CMA to review the UK audit sector; FRC to proceed with planned program of reviews
The UK Competition and Markets Authority (CMA) has announced it will conduct a review of the UK audit sector and deliver its findings by Christmas in the wake of recent scandals and declining trust. Separately, the FRC (which is the subject of an independent review) has also announced a program of reviews of the sector including consideration of banning audit firms from undertaking audit work.
The FRC under review: An independent 'root and branch' review (Kingman review) of the FRC is currently being undertaken and is due to be completed by the end of 2018.
The UK audit sector is under review by both the FRC and the CMA: The CMA review is being launched following the release of the Work and Pensions and BEIS Committee report into the collapse of Carillion plc which recommended (among other things) that KPMG, EY, PwC and Deloitte should be referred to the Competition Authority for possible break up. The CMA is due to deliver its findings by the end of 2018. The FRC is also conducting a series of planned reviews of the audit sector, including consideration of whether the audit firms should be banned from undertaking consulting work.
Restoring trust in the sector and the quality of audit has been identified as a key priority by industry, by the FRC and by the CMA. The CMA has indicated that legislative reform may be required to implement both the findings of its own review, and the findings of the Kingman review.
The UK Competition and Markets Authority (CMA) has announced the launch of a detailed market study into the audit sector to examine 'concerns that it is not working well for the economy or investors'. The review is being undertaken, the CMA writes, 'amid growing concerns about statutory audits, in particular following the collapse of construction firm Carillion and the criticism of those charged with reviewing the organisation’s books, as well as recent poor results from reviews of audit quality'. As part of its review, the CMA will investigate whether the sector is competitive and resilient enough to maintain high quality standards.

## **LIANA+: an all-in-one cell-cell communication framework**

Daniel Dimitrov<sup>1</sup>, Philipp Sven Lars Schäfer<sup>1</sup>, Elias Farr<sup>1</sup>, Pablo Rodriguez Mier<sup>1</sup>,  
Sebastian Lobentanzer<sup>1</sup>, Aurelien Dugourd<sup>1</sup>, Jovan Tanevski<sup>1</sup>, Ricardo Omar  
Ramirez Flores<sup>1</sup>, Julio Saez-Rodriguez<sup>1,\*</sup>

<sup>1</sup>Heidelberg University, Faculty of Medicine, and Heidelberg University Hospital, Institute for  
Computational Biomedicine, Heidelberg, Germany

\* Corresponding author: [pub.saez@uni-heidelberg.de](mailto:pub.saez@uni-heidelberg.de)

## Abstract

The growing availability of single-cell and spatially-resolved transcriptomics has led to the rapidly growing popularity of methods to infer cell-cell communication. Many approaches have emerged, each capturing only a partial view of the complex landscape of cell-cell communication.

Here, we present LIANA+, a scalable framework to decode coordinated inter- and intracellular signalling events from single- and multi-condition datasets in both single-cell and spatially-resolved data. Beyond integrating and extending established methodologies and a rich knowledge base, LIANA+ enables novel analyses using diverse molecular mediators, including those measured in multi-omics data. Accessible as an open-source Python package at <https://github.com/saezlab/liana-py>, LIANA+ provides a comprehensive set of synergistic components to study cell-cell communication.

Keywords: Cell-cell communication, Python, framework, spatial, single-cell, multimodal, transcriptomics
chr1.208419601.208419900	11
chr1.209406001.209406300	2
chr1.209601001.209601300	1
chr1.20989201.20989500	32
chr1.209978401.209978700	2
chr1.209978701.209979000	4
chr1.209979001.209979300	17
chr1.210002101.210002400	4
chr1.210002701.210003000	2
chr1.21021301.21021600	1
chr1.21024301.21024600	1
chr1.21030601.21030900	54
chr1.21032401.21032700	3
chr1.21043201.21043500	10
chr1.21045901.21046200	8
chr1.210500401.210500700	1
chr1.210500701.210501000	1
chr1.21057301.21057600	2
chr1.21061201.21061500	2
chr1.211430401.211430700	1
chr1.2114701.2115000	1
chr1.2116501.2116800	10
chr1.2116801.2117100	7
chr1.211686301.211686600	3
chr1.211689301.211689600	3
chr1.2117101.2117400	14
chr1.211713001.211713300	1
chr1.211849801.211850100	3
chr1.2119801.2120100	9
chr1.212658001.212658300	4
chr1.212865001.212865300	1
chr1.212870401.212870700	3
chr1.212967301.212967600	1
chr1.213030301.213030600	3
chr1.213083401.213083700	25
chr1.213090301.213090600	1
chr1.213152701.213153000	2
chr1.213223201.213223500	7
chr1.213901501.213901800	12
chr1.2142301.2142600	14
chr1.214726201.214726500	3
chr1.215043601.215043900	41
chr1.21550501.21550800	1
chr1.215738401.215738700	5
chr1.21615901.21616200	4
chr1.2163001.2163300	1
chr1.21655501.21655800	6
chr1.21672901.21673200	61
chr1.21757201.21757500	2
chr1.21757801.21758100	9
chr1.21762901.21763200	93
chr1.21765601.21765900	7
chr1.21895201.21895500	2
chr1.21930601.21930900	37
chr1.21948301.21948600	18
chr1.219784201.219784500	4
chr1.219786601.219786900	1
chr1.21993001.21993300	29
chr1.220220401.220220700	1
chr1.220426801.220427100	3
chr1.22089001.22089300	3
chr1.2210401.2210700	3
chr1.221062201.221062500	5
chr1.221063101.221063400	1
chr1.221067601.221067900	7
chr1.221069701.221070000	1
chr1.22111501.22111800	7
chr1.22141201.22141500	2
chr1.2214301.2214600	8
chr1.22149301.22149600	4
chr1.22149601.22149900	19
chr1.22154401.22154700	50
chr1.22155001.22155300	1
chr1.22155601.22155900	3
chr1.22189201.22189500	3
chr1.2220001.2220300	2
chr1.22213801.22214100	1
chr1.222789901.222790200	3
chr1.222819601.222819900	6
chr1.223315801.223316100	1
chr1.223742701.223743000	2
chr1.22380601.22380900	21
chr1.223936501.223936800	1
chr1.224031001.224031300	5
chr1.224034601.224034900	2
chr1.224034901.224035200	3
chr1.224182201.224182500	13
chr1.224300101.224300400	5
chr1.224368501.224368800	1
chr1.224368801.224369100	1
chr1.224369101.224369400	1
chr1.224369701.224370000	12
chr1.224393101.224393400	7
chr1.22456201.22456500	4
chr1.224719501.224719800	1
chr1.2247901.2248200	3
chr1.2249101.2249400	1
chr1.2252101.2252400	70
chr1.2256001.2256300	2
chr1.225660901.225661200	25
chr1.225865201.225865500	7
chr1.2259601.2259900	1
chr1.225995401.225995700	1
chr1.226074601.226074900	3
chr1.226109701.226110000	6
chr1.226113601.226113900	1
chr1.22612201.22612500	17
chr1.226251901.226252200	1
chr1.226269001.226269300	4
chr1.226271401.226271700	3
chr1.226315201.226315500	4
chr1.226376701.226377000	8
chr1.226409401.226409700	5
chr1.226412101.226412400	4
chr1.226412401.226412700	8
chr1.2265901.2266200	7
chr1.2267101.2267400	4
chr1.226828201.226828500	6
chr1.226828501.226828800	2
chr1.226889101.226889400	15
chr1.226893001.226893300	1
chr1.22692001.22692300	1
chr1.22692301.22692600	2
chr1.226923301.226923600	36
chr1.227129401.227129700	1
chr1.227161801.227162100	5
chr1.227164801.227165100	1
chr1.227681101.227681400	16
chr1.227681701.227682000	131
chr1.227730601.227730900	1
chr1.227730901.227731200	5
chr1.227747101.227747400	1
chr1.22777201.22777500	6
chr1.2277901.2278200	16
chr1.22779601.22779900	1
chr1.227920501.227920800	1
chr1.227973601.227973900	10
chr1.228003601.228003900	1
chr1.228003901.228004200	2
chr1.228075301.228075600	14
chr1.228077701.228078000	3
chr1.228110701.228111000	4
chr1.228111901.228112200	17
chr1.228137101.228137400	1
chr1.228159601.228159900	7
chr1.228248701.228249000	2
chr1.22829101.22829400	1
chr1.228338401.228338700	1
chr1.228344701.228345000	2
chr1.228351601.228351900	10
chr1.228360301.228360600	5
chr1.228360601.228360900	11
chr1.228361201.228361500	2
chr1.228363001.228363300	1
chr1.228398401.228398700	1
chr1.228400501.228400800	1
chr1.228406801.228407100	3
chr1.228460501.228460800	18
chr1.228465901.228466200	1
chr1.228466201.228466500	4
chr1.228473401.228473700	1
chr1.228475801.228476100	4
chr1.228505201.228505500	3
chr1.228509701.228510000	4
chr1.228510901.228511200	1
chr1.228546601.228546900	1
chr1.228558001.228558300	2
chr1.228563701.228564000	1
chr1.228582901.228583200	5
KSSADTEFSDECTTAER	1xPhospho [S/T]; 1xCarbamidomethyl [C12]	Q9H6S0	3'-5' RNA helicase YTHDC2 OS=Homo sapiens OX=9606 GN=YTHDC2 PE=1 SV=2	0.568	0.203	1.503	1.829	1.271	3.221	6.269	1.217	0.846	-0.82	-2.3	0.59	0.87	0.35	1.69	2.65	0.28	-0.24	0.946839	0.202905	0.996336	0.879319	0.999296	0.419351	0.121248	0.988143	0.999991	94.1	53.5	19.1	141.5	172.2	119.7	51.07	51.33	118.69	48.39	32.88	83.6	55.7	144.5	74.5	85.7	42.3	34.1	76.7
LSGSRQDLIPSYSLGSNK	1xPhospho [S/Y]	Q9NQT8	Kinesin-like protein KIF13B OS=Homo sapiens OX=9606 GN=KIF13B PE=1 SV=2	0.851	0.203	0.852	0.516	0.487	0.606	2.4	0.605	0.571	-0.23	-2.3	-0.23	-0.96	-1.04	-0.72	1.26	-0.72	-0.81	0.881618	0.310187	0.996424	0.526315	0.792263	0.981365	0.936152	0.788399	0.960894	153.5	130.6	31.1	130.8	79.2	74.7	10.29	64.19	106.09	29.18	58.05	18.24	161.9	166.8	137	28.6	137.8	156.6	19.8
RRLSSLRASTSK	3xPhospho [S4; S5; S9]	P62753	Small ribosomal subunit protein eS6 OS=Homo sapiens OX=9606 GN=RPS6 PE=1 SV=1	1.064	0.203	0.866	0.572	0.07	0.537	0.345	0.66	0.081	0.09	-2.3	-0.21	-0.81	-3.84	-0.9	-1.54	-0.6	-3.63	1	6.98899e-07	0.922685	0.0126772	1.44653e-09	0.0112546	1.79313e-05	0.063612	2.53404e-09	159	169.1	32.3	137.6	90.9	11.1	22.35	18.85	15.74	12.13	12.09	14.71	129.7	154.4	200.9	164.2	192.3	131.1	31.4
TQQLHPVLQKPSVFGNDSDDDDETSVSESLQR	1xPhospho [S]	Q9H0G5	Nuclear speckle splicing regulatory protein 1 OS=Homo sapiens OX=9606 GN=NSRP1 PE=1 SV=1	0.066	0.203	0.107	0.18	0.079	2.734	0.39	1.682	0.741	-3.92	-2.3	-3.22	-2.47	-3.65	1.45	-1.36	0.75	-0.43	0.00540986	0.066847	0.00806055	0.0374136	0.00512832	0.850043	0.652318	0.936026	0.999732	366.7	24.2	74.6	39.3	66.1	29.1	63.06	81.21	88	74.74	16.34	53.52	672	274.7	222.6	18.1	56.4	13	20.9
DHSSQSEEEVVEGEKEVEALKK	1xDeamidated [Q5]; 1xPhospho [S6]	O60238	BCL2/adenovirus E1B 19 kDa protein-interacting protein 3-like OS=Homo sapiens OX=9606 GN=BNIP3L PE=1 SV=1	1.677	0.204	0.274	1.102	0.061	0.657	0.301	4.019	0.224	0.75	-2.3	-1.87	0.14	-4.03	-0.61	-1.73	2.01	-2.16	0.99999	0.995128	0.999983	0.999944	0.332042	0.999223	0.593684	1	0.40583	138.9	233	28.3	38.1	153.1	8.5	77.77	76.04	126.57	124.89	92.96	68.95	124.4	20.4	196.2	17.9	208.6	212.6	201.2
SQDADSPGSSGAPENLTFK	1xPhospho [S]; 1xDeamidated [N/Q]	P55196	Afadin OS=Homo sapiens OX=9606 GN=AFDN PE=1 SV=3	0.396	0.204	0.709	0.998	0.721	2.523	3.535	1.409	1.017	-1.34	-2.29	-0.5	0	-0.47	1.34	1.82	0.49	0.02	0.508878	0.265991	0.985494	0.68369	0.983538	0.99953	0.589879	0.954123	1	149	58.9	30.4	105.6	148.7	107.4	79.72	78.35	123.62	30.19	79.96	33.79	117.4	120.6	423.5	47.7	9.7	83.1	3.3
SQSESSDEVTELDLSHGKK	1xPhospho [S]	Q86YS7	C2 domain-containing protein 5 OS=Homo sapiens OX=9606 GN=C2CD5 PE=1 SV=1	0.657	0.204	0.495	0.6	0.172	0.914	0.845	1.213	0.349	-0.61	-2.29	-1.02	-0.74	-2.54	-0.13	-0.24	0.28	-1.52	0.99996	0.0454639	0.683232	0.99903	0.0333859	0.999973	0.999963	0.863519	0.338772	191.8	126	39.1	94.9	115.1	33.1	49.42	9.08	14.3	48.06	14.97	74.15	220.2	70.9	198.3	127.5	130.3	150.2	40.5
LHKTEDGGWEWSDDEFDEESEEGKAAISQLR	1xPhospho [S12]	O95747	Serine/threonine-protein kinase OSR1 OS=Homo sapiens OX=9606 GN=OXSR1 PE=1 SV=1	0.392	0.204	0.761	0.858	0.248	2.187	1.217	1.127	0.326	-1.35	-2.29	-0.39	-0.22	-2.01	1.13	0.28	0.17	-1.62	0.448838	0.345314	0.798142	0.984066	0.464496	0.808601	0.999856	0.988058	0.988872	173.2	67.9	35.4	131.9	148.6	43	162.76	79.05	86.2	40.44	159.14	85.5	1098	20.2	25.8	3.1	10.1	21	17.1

The announcement followed a separate announcement by the Financial Reporting Council (FRC) of completion of its 'state of the nation' review of audit in the UK, and a series of planned further reviews/actions into various issues in the sector.
A brief overview of the CMA review, and separately the FRC's planned reviews/actions is below.
The review will examine three main areas.
[Note: The CMA review is being undertaken following the delivery of a report by the Work and Pensions and BEIS Committees into the collapse of Carillion plc. Among other things the report recommended that KPMG, EY, PwC and Deloitte should be referred to the Competition Authority for possible break up. See: Governance News ]
The CMA writes that if the review finds that the market is not working well, it 'will scrutinise all proposals’ including the possible need for legislation to implement the its findings and those of the independent review of the FRC being led by Sir John Kingman.